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Researchers pursue post-PC future at HP Labs

Posted: 18 Jan 2002 ?? ?Print Version ?Bookmark and Share

Keywords:hewlett-packard? computer? hp? ram? semiconductor?

A cadre of engineers at HP Labs are driving a handful of weighty projects forward, aligned with a broad vision of where parent company Hewlett-Packard Co. and the computer industry are headed.

While that focus might be expected from a $45 billion corporation like HP, the vitality of the work counters perceptions that the patriarch of Silicon Valley is bogged down by its maturity and the turmoil surrounding its proposed merger with Compaq Computer Corp.

Following earlier reports by EE Times on the merger of HP and Compaq, HP Labs opened its doors for a day-long tour of its facilities in Palo Alto, California. Among the top projects currently active at HP, engineers are working on:

  • a version of magnetic RAM that could replace Flash in some applications in less than two years;

  • an atomic-level storage technology that could put the equivalent of an array of disk drives on a chip;

  • a new commercial printing technology that is cheaper than offset printing, yet competes with silver halide film in resolution and color;

  • software to automate operations for a 50,000-system data center;

  • software to automate system-level electronics design;

  • techniques based on social learning theories that could pave the way to peer-to-peer expert systems, more accurate forecasting and more candid surveys; and

  • molecular devices that could replace silicon in five to ten years.

All of these projects face technical and market hurdles which could prevent them from becoming successful commercial ventures. Nevertheless the variety, depth and vitality of the work merits attention.

Handheld drivers

The projects stem from a belief that today's computersincluding high-performance serversare rapidly headed for commodity status, and that tomorrow's computer industry will be driven by a diverse array of handheld gadgets.

"I think we are finished in the office, and consumer systems mark the next big opportunity," said Dick Lampman, vice president of research for HP and director of HP Labs.

Lampman, an energetic, 30-year veteran of HP, speaks with great enthusiasm about the projects and the lively spirit at the Labs these days, including the IA-64 microprocessor architecture he helped define as part of an assignment in December 1988.

"I still believe that despite a few year's delay [in launching Itanium], the server world is going to change," said Lampman. "High volume technologies will run from top to bottom in general-purpose computing. We are in a convergence cycle around high volume models in general-purpose computing. The real renaissance is in a coming generation of embedded non-general-purpose platforms."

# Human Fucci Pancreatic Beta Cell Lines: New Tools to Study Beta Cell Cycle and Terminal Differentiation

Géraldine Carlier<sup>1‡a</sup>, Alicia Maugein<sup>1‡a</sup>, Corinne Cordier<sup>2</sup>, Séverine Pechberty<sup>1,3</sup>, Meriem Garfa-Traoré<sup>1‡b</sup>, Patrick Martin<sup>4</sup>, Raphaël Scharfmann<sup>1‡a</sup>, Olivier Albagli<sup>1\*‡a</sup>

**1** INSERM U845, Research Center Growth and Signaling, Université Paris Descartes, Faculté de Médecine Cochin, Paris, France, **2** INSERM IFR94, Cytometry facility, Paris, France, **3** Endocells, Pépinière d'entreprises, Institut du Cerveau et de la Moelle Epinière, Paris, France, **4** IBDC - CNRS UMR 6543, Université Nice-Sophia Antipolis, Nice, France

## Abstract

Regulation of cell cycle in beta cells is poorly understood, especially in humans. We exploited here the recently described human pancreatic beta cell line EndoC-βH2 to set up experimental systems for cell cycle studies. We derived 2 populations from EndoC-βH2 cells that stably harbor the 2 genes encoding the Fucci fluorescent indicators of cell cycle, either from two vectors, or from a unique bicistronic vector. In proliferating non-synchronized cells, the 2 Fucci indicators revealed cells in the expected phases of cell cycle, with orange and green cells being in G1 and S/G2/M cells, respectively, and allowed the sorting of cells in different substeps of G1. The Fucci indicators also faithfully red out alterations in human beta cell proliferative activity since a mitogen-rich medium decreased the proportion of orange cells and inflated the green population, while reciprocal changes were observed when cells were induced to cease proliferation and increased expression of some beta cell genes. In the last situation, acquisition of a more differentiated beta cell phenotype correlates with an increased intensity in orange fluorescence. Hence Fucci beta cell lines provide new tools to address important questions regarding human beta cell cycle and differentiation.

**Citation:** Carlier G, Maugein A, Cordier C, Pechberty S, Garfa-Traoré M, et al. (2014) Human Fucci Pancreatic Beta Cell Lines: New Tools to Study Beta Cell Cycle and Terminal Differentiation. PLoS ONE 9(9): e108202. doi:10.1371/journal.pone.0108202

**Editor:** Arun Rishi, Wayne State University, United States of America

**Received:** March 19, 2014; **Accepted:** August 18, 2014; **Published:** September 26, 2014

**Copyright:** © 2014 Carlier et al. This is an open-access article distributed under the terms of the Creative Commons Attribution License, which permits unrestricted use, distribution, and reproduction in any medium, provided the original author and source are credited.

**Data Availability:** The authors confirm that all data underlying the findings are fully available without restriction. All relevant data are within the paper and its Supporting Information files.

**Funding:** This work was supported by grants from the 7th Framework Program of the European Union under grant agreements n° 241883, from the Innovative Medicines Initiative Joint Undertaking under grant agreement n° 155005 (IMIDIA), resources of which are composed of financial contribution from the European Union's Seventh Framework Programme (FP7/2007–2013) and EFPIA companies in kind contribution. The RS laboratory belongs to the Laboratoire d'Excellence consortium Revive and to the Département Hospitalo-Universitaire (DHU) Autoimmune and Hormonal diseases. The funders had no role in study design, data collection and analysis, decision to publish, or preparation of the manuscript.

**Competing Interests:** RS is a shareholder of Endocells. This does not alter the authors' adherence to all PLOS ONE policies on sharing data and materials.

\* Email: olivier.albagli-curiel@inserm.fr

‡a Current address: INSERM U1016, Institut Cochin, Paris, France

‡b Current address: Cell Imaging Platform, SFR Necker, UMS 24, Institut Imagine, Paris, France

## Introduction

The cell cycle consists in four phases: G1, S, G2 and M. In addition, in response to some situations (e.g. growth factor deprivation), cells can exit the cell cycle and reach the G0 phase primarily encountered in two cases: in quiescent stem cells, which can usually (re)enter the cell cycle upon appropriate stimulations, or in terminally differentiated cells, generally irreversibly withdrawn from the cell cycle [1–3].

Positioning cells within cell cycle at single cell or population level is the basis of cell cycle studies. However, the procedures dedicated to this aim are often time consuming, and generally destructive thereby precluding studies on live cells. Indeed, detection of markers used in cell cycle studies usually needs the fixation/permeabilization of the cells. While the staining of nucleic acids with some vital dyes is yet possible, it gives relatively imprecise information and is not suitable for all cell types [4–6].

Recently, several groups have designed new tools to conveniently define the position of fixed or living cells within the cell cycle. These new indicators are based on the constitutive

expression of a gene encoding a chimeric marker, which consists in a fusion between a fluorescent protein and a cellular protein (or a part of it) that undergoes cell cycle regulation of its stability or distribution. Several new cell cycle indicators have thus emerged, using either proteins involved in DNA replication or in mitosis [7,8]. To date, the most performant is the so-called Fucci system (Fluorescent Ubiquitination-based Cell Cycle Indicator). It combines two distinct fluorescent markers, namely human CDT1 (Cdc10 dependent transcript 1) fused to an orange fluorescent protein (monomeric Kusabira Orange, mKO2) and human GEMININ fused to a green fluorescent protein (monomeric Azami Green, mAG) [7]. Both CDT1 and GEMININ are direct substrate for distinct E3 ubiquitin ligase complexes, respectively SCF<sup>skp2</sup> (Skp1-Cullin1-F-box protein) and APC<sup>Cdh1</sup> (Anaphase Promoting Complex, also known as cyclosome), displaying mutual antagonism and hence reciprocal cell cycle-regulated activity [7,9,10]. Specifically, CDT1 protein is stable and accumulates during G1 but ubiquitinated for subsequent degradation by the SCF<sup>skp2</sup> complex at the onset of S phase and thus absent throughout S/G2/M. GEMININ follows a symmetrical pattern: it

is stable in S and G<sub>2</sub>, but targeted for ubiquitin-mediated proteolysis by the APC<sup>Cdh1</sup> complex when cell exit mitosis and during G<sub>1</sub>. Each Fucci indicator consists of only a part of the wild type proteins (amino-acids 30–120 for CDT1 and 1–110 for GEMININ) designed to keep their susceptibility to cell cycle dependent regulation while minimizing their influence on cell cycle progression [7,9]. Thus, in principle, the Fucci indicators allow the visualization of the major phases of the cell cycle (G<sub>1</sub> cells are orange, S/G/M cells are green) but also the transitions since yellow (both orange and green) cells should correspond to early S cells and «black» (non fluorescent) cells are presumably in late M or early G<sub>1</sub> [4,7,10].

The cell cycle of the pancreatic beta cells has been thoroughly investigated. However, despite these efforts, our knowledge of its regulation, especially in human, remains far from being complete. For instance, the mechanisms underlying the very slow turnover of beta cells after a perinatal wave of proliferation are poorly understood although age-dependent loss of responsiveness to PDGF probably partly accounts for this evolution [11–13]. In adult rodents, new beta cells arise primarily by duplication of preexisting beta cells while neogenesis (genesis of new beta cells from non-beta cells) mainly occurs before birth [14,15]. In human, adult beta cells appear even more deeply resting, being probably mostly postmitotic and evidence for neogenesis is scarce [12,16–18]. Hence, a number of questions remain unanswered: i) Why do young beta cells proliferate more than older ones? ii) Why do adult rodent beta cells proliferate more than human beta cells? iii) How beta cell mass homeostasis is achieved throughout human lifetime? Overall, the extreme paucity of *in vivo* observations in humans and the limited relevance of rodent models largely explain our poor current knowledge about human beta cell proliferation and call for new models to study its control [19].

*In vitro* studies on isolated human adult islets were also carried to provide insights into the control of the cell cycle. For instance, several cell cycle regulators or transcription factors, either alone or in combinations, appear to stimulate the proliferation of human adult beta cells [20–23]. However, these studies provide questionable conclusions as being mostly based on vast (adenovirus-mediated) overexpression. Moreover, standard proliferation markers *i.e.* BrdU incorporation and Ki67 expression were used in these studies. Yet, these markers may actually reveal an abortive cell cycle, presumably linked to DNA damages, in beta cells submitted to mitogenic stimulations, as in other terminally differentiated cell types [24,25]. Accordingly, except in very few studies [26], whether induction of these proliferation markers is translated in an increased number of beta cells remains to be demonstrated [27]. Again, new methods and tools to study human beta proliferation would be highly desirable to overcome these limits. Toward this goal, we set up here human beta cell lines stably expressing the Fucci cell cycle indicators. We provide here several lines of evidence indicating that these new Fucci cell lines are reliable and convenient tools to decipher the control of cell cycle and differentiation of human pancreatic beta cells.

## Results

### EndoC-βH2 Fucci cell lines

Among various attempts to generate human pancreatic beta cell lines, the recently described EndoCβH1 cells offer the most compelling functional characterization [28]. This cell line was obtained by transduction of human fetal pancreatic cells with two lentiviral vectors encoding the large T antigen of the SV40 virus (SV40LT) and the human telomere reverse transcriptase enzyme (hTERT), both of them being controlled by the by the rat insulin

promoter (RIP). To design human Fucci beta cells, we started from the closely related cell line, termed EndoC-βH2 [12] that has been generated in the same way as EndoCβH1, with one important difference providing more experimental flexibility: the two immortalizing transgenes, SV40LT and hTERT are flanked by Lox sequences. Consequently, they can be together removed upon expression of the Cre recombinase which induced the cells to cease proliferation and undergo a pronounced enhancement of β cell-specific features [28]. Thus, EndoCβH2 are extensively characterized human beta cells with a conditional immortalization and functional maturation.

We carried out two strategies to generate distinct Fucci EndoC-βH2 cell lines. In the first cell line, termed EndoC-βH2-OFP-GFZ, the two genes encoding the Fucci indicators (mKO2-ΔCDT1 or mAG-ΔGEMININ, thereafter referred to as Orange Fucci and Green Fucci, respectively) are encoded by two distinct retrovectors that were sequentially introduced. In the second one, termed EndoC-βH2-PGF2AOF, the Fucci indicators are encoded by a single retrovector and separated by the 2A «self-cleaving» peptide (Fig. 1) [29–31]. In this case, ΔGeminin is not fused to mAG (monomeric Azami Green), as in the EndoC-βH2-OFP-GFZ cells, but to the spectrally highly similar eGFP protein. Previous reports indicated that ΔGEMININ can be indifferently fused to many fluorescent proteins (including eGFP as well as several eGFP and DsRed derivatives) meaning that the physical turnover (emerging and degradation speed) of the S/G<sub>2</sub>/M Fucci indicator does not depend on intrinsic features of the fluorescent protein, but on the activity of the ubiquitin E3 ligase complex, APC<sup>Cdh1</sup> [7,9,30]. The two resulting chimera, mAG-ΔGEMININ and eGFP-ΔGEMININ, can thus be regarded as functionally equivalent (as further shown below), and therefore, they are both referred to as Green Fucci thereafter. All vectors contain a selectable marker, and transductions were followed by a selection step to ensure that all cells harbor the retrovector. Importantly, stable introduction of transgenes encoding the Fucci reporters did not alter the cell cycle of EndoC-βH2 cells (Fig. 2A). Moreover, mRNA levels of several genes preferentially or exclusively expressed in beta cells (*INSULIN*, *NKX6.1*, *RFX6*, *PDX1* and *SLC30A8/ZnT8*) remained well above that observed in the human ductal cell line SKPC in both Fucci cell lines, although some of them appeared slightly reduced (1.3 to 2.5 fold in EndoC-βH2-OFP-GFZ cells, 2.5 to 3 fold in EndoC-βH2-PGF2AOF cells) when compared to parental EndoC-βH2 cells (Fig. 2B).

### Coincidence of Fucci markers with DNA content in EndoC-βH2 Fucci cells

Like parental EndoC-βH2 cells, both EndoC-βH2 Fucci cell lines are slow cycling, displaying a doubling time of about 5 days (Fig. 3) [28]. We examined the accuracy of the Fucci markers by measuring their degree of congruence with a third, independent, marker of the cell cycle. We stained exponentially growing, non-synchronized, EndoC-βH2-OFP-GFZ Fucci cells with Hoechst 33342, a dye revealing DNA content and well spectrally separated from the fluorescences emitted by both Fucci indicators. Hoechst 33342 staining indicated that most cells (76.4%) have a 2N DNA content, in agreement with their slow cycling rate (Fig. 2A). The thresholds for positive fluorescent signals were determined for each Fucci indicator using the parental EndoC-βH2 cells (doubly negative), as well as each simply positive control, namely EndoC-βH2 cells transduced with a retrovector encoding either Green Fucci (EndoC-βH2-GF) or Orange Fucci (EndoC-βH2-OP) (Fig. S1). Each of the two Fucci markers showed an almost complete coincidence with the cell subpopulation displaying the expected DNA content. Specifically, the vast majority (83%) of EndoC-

Indeed, as HP was co-developing the Itanium architecture with Intel Corp., the company was pointing its research compass toward a horizon of handheld systems using diverse, optimized architectures. "The whole theme is that new devices will drive the future," Lampman said. "All this started in the early '90s."

Lampman is upbeat about the HP/Compaq merger, which is to be expected from the man who will run the combined companies' research operations. Some researchers likely will be laid off as part of expected cuts of 15,000 staffers if the merger goes through, he admitted, and R&D spending is likely to continue to slide from its current 5.4 percent of sales. However, Lampman is quick to add that in raw numbers the labs will grow in headcount and annual budget as HP embraces Compaq's research operations, which include remnants of the R&D groups of Digital Equipment Corp. and Tandem Computers.

Competitive spending

Lampman said HP's R&D spending is competitive with the industry norms in the diverse businesses the company is inPCs, servers, printers and services. He cautioned that HP's R&D spending of 5.4 percent of sales should not be directly compared to IBM's 5.8 percent, because HP has a significant consumer business that IBM does not. IBM also spends significant sums on its semiconductor business, he said.

HP's chief executive Carly Fiorina spends a half day each month in briefings at the Palo Alto labs on the status of projects, pushing for them to set ambitious goals, said Lampman.

"When Carly was first announced as chief executive there was a significant amount of anxiety because she was the first CEO from outside HP and had a sales and marketing background," he said. "But it turned out the situation has been the exact opposite" of what some expected. "She has been a strong supporter of the labs and its role as a technology driver."

Researchers here were generally positive about the proposed merger with Compaq. "I think it's a good thing. Clearly there's a lot of consolidation going on in the computer industry. This is what we need to do to survive," said R. Stanley Williams, who directs HP's Quantum Science Research in molecular computing.

"I like the idea of becoming the second-largest information technology company in the world, with all the entailments that includes for innovation, reach and research," said Bernardo Huberman, an HP Fellow in information dynamics.

Rick Merritt

EE Times

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